04 July 2019

Book Review: Unfeeling by Ian Holding

I am not sure I liked this book. See, I picked this novel because I was looking for a book written by an author that comes from a country which was new for me. I at some point realised how most of the books I was reading were from American or British authors, so I wanted to diversify. Hence, I came across this book, since the author is from Zimbabwe.

The plot revolves around the controversial land reform that happened in Zimbabwe. The narrative focuses on Davey, a teenage boy who becomes orphaned because his parents (who were farmers and owned a big chunk of land) were killed by gangs employed by a "fat black woman" who took over their land. Of course, Davey is traumatised. At the same time, the story also focuses on the efforts of the other white families surrounding Davey on coping.

And somehow, I find this story very hard to relate. I am afraid that I am misunderstanding the author's intent, but in any case, I found it very hard to sympathise with the story's protagonist and the society he is embedded in.

See, the thing is, Davey and his society are essentially white supremacists. They belong to the white minority in Zimbabwe, who even though they only constituted 8% of the population during their heyday, they enjoyed significant privileges both politically and economically compared to the black population. The white farmers had land, servants, and plenty of other social privileges. This was reflected in the way they interacted with the black "locals" and I am sorry to say but I cannot just identify with that. So when this minority white supremacist gets butchered by a gang of black thugs, I cannot get my heart strings pulled and sympathise.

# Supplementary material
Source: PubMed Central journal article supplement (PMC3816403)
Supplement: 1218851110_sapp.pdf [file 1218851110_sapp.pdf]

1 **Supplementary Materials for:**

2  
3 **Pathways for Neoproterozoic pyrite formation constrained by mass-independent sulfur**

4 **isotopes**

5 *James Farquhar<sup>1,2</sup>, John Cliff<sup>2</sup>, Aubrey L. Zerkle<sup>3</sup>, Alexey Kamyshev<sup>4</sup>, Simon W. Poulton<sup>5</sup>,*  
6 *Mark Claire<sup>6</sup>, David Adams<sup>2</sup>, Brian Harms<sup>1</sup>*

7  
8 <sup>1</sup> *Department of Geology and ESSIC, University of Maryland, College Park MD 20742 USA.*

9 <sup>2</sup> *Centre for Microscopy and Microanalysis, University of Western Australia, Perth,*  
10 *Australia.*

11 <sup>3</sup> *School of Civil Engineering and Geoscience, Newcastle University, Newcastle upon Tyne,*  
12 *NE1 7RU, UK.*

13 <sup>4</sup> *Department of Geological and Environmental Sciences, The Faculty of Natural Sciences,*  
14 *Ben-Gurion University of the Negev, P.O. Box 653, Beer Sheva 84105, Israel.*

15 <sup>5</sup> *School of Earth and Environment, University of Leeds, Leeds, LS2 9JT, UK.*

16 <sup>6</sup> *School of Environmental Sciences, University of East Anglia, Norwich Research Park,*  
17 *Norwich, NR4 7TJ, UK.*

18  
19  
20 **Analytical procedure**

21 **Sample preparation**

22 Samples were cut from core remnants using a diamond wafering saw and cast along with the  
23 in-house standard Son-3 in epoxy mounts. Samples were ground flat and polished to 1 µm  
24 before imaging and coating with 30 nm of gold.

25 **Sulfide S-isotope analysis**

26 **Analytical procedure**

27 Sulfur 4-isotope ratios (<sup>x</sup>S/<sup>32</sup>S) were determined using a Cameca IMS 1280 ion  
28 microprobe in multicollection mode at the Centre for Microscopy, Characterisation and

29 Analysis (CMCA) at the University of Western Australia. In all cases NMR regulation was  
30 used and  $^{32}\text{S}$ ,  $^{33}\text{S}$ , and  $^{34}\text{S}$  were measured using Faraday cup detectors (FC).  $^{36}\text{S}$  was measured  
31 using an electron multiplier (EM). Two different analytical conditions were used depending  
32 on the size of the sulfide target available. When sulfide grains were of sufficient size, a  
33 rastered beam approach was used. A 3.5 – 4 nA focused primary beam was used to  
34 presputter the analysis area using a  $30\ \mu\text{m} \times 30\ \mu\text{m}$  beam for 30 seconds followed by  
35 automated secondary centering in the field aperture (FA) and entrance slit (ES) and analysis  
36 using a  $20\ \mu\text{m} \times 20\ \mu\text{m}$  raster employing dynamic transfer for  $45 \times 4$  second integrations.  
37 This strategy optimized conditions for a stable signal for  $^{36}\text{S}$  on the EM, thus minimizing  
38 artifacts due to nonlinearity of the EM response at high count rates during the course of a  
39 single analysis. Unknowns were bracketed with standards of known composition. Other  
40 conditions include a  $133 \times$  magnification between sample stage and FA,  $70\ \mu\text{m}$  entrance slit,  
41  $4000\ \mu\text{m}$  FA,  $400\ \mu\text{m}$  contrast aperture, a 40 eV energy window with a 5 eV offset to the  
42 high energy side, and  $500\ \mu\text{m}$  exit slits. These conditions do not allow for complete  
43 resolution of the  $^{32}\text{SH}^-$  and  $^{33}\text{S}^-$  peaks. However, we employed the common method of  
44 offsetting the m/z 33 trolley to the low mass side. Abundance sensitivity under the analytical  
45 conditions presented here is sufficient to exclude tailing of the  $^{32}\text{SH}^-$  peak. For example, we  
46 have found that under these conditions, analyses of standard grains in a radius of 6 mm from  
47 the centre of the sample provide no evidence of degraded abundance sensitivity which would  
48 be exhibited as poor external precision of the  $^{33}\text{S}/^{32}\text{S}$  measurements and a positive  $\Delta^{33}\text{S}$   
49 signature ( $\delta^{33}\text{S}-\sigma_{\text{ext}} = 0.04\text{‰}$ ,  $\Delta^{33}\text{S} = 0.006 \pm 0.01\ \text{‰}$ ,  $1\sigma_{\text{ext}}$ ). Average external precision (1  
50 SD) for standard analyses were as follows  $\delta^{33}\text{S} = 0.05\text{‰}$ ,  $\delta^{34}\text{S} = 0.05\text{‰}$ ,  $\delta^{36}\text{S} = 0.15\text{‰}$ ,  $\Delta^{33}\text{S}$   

As I was reading this, it reminded me of the Republican conservatives in the USA, or the far-right rural inhabitants of Europe. It's almost like this book is written in that perspective, with conservatives moaning how asylum seekers are knocking at their doors, raping their children, and stealing their land. And even if I don't go the hypothetical route, and instead go to the historical route instead, what was happening to Davey's family was exactly the same that happened in the multitudes of families of black Africans when the white colonisers stepped to the continent. I definitely cannot shake off the image of Cecil Rhodes who wanted to build a connection from Cairo to Cape Town, in order for the Anglo-Saxon race to thrive above the rest.

So yeah, as much as the novel was rather gripping, when taking the context into consideration, I fail to be moved, and overall, I didn't have a positive impression of the book. I felt like this book was written for white Conservative right-wing readers. As an Asian living in a European country, it failed to connect with me. I give it 2 out of 5 stars.

See my other book reviews here.

No comments:

Post a comment